I haven't watched the Miss America pageant in years, and I'm betting you probably haven't either. Only 5.6 million people tuned into the last one. That's compared to 27 million people who watched in 1954 when the show debuted, and there were a lot fewer Americans then. Miss America has been losing viewers for over a decade, especially among the coveted 18- to 49-year-old demographic. Since that group obviously enjoys reality-show competitions ("The Bachelorette," anyone?) there must be something seriously lacking — or even offensive — about the pageant for people to turn away from it.
Perhaps it's that the show purported to be about empowering women via a scholarship program, but part of a contestant's score depended on what her body looks like in a bikini. Or maybe it just wasn't that interesting to watch 50 women who look eerily similar strutting around on a stage in sparkly gowns being judged for their "style" and "grace"? The whole thing has always felt weird to me, since I was a teenager — like it honestly gives me the creeps.
I've never heard of a show in which a bunch of men compete for scholarship money by walking a stage in not-very-much, their chests greased up with coconut oil, their teeth coated in Vaseline. Maybe other women felt that gut-level unfairness too — even women who took part in the competition themselves when they were younger.
Now Miss America has an all-new, all-women leadership team, including Gretchen Carlson, who was crowned Miss America in 1989. Right out of the gate, they nixed the swimsuit and gown portions of the program. "We are no longer a pageant," Carlson said on "Good Morning America." "We are a competition."
It was past time to turn the page
This leadership change followed the revelation that the men formerly in charge of the pageant "regularly maligned, fat-shamed and slut-shamed the former Miss Americas, calling them shocking names and in one case laughing at the suggestion that one of the women should die," according to leaked emails published in the Huffington Post.
Turns out even the women who would consider running for Miss America weren't interested in being judged with their clothes off: "We’ve heard from a lot of young women who say, 'We’d love to be a part of your program but we don’t want to be out there in high heels and a swimsuit,' so guess what, you don’t have to do that anymore," Carlson said. In place of the swimsuit "competition" (I was never sure how you could compete via bikini anyway) there will be a live session with judges. And instead of the hyper dolled-up evening gown competition, Miss America will be "asking contestants to wear attire that makes them feel confident, expresses their personal style and shows how they hope to advance the role of Miss America," according to ABC.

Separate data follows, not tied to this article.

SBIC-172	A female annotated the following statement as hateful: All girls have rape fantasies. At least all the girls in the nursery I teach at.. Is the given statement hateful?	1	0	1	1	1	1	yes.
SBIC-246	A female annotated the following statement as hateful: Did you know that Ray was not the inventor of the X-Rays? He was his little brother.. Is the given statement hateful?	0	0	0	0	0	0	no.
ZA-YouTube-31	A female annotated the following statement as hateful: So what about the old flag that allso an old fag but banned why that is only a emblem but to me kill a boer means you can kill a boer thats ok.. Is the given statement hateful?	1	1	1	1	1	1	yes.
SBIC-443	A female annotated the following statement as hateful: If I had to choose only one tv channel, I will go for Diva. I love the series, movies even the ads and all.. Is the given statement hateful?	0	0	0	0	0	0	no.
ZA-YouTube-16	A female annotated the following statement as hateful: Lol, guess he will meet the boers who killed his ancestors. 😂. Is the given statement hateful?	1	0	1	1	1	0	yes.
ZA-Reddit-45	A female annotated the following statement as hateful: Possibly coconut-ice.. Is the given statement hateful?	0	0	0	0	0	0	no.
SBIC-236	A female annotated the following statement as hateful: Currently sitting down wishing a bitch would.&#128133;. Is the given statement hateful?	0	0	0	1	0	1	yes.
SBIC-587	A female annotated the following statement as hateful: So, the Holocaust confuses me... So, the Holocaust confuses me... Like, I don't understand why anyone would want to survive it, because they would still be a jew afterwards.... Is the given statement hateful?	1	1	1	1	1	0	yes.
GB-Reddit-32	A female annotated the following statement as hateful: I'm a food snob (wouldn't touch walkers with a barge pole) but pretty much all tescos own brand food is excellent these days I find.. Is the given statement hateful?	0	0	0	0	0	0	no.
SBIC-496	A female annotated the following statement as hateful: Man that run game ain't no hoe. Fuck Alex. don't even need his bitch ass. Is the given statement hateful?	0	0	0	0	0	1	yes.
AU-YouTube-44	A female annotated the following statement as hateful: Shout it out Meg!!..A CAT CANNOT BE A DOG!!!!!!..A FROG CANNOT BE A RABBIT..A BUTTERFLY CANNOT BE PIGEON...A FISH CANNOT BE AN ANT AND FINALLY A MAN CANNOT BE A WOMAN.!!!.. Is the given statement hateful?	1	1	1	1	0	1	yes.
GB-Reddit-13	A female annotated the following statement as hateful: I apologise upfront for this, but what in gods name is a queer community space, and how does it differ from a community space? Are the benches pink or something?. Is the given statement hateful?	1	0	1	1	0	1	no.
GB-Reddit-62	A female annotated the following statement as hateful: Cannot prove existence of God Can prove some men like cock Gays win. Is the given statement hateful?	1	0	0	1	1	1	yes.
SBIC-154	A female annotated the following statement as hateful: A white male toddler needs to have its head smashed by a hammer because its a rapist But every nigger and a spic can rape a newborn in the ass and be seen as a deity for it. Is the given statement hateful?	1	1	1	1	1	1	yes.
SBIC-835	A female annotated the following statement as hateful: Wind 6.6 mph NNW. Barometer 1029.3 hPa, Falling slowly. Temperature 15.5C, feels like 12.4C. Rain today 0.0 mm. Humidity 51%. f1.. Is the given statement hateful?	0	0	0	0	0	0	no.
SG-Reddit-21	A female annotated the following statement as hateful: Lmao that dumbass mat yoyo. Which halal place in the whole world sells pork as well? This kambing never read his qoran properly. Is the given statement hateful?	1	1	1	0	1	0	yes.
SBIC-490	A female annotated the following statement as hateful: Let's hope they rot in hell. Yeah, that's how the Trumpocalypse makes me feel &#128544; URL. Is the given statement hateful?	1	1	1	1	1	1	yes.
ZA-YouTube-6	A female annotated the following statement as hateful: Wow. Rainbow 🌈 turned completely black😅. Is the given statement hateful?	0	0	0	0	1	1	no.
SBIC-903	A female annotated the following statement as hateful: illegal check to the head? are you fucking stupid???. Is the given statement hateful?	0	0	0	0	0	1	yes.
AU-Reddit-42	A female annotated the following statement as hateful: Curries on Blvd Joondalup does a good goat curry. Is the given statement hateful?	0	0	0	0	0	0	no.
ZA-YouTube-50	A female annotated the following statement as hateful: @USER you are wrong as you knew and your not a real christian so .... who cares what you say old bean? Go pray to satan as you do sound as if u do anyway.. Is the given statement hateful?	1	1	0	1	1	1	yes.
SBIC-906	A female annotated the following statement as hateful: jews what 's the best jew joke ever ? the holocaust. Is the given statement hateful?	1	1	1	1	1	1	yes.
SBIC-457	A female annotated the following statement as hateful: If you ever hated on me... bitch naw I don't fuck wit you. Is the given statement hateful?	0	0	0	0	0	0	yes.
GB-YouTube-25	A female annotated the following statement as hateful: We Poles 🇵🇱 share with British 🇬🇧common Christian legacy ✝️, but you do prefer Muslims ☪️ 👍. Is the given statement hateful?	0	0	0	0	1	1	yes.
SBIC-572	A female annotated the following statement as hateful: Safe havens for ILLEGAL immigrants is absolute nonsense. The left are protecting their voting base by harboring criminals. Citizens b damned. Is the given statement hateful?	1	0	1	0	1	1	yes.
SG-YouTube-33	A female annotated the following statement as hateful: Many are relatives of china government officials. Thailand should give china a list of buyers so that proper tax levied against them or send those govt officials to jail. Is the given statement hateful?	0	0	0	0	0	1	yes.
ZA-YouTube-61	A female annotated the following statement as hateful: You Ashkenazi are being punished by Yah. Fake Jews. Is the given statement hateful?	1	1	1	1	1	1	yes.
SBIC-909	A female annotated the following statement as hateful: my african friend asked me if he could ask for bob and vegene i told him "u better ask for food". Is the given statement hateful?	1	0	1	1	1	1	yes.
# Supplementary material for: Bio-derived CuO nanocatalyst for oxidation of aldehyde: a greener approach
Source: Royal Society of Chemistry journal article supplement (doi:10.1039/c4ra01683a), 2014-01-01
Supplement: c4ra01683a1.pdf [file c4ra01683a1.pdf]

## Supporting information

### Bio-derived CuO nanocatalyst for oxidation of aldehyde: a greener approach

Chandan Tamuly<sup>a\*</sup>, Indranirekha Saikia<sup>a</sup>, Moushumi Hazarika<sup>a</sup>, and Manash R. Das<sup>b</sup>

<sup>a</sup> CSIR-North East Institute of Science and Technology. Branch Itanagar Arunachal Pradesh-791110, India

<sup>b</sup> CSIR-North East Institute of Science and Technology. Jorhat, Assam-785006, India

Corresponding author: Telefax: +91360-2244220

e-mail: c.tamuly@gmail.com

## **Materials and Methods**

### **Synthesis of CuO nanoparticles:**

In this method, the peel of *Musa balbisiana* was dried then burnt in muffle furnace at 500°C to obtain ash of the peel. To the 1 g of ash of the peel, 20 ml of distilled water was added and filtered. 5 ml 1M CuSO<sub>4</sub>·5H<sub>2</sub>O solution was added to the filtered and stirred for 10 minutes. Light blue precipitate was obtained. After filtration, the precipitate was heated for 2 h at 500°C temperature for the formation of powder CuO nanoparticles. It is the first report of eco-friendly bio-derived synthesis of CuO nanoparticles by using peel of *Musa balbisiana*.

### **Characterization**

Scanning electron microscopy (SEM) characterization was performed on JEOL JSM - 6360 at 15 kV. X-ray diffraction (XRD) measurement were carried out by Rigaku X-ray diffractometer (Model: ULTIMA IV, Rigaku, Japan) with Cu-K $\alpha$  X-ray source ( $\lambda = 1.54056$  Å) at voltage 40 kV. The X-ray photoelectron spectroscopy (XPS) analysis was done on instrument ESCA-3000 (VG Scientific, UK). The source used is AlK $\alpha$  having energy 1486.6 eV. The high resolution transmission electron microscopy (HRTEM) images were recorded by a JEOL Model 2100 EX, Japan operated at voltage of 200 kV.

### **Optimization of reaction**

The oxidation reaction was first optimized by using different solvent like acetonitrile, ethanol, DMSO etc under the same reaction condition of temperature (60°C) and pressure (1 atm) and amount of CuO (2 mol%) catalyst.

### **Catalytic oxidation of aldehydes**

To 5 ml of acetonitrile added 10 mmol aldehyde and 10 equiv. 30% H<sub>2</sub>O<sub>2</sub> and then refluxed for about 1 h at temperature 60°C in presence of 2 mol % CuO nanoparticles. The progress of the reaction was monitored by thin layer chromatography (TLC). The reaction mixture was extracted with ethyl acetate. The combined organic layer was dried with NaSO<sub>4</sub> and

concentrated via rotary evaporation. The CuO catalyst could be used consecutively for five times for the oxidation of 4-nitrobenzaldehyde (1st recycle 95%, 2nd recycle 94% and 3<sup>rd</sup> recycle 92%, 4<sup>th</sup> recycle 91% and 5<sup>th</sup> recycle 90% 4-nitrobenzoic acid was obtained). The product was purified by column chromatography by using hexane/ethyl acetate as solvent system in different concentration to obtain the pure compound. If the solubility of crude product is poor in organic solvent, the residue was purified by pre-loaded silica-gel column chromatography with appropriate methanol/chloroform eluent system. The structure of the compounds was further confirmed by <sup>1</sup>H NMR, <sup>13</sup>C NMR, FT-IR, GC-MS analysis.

In the past, Miss America reified what I knew about growing up in the U.S. as a woman; that no matter how smart and talented I was, no matter how hard I worked, if I didn't look hot — in a very specific way — I wasn't good enough. If my teeth and skin weren't perfect, if my hair didn't fall in a certain way off my shoulders, and if I didn't wear a certain dress size, I wasn't really deserving. That's a pretty sad message to send to any growing girl.
"This is a new beginning, and change can sometimes be difficult, but I know a lot about change," Carlson said on "GMA." She was referencing the last 22 months of her life, as she has become a vocal member of the #MeToo movement, speaking out against sexual harassment after she sued her former boss, Fox News head Roger Ailes for that reason. I'm curious to see what else Carlson will do to ensure that the new Miss America reflects what a competition among women can be.
Since Miss America has changed its focus from body shape and dress-wearing to accomplishments and personality, I might tune in and cheer for all the women from the six states I've lived in. I'd love to see one of them take home the $50,000 cash prize, and the six-figure salary for a year of hard work.